AI tool has real implications for families in the child welfare system

For family law attorney Robin Frank, defending parents at one of their lowest points — when they’re at risk of losing their kids — has never been easy.

The job is never easy, but in the past she knew what she was up against when she took on child protection in family court. Now she’s worried she’s fighting something she can’t see: an opaque algorithm whose statistical calculations help social workers decide which families should be examined in the first place.

“A lot of people don’t know it’s even used,” Frank said. “Families should have the right to have all the information in their records.”

From all over Oregon to Los Angeles to Colorado, as child welfare agencies use or consider tools similar to those in Allegheny County, Pennsylvania, an Associated Press review identified a number of concerns about the technology, including questions about its reliability and the potential to reinforce racial inequalities in the child welfare system. Related issues have already torpedoed some jurisdictions’ plans to use predictive modeling, such as the tool dropped notably by the state of Illinois.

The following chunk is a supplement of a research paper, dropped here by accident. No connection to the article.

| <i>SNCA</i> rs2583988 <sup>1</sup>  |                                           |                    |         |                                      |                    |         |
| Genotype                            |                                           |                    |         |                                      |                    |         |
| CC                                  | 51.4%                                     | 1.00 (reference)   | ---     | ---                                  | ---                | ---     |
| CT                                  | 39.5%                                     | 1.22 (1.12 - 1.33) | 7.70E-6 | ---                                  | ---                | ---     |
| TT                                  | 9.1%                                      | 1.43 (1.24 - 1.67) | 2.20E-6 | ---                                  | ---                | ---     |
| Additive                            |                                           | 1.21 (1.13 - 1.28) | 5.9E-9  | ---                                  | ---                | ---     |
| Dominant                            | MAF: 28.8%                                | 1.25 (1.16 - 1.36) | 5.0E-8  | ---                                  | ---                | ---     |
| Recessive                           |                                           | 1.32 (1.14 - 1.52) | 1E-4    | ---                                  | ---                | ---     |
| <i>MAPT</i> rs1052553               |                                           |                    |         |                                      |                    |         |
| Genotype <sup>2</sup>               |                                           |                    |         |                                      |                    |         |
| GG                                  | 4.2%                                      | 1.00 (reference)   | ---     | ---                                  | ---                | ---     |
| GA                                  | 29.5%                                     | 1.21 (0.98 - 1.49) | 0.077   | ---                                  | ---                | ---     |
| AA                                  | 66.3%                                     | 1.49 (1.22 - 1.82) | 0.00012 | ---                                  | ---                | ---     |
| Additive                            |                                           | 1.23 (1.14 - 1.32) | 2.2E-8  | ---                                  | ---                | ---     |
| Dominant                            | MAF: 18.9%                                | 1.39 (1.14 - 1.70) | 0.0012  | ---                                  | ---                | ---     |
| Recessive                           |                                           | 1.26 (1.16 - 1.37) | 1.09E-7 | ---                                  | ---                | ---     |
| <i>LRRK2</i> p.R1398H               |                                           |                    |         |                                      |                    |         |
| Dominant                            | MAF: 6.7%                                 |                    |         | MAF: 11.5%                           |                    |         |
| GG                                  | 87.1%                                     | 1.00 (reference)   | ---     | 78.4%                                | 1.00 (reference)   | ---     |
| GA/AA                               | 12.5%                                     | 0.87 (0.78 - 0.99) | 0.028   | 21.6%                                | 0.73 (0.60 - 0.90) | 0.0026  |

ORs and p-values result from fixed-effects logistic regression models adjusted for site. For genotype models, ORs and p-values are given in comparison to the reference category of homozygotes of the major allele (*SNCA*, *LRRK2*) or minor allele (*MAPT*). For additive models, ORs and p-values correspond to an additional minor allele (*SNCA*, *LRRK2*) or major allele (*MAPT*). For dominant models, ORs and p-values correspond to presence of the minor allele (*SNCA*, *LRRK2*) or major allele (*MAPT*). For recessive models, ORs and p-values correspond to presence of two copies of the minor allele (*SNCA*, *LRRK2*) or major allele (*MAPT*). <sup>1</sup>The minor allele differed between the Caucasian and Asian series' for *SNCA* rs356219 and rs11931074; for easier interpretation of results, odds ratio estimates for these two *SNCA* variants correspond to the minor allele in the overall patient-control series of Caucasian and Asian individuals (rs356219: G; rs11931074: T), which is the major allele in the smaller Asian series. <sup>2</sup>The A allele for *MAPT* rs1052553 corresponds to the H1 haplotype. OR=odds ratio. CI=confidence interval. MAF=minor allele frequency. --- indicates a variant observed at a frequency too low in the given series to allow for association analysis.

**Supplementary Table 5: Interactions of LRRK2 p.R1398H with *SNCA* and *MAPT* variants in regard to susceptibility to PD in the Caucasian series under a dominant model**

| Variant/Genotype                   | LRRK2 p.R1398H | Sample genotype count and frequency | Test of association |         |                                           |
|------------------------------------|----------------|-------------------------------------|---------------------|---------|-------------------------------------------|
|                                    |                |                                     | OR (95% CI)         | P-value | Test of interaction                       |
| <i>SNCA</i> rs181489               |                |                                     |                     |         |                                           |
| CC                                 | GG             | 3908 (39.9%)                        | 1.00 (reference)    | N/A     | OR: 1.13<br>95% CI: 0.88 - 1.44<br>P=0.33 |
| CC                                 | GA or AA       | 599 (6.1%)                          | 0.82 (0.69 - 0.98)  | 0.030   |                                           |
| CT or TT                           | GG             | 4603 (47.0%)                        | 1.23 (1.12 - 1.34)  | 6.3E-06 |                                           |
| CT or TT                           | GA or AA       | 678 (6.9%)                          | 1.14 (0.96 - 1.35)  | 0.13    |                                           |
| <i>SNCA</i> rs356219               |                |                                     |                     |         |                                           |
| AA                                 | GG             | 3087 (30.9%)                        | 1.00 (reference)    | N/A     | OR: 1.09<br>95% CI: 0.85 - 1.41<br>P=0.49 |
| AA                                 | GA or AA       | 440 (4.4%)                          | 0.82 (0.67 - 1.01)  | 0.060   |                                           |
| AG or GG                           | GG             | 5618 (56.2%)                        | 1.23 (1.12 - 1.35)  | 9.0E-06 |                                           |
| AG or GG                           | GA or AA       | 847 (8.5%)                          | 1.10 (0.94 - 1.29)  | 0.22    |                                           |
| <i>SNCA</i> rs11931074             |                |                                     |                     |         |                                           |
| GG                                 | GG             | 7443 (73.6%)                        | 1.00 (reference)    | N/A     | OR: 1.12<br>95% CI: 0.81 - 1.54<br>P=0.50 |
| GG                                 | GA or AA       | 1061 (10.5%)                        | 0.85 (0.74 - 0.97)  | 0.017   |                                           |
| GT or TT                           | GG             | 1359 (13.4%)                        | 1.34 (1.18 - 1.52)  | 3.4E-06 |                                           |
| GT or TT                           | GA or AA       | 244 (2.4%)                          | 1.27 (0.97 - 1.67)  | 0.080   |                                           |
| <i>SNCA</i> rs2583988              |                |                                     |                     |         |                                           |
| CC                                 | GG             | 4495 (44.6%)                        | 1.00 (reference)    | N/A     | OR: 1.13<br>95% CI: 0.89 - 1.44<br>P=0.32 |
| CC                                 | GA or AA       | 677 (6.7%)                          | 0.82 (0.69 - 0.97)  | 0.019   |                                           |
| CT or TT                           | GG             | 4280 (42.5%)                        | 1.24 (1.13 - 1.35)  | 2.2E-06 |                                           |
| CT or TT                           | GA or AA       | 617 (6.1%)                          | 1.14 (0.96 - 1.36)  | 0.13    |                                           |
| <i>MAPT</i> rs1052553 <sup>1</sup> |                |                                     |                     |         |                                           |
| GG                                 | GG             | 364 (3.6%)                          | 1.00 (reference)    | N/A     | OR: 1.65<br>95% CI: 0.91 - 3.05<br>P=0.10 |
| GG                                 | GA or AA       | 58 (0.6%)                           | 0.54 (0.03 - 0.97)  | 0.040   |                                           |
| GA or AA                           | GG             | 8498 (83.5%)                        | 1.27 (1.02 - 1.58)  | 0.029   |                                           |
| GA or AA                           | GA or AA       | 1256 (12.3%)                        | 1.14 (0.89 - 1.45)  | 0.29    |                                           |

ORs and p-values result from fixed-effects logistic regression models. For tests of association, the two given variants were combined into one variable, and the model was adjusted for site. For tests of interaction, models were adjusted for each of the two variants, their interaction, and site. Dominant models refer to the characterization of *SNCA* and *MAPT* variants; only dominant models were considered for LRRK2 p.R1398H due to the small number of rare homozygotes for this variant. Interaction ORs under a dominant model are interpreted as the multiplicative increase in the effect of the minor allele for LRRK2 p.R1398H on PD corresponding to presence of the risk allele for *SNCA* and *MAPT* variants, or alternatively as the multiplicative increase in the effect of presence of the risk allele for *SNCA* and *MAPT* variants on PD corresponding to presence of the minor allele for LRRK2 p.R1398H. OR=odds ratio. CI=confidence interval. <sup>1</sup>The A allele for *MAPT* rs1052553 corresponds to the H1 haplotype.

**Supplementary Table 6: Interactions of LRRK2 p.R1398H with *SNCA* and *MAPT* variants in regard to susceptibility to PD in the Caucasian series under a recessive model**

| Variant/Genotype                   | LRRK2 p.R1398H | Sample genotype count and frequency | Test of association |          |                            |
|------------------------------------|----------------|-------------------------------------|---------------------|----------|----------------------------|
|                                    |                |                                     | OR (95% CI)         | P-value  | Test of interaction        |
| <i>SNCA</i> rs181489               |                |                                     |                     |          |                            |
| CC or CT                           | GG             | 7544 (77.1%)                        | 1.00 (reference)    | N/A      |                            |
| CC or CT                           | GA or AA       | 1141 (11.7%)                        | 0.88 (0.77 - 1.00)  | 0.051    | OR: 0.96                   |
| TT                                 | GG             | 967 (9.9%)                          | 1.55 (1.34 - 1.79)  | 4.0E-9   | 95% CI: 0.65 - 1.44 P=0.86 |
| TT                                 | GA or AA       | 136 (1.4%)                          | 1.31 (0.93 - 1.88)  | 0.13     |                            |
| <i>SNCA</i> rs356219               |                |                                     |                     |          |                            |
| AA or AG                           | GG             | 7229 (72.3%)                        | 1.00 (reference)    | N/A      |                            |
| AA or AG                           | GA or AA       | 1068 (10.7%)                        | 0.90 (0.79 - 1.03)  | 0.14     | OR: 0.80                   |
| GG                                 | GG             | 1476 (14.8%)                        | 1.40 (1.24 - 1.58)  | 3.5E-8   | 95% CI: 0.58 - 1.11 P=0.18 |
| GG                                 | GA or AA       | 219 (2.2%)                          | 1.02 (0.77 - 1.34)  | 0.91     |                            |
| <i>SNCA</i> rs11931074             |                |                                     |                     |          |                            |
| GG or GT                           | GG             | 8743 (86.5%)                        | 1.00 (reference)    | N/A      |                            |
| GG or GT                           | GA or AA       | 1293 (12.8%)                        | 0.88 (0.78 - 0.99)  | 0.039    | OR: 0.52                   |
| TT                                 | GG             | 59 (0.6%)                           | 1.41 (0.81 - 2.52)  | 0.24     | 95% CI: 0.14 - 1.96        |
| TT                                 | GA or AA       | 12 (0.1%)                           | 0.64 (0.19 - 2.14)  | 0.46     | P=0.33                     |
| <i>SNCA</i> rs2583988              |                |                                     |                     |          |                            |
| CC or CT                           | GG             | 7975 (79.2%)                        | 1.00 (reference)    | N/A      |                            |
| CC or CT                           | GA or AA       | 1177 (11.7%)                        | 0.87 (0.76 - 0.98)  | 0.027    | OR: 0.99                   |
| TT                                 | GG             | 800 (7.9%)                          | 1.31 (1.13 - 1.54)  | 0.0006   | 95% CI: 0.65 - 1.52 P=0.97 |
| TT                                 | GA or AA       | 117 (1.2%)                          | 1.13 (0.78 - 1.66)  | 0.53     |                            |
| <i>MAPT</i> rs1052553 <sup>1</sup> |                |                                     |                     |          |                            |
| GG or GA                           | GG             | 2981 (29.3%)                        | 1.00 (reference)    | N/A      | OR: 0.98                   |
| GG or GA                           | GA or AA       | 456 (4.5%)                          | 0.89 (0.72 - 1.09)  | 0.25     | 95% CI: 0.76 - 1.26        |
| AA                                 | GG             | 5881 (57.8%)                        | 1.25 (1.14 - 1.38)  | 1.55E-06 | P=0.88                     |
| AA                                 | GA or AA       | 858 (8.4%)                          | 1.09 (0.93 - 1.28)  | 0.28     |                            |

Case work supervisor Jessie Schemm looks at the first screen of software used by employees making phone calls at an intake interview screening center for the Allegheny County Children and Youth Services, in Penn Hills, Pennsylvania.  algorithmic tool uses data to support agency workers in protecting children from neglect.  The nuanced term can include everything from inadequate housing to poor hygiene.

According to new research from a Carnegie Mellon University team obtained exclusively by AP, in its early years of use, Allegheny’s algorithm showed a pattern of flagging a disproportionate number of black children for a “mandatory” study of neglect, compared to white children. The independent researchers, who received data from the county, also found that social workers disagreed with the risk scores the algorithm produced about a third of the time.

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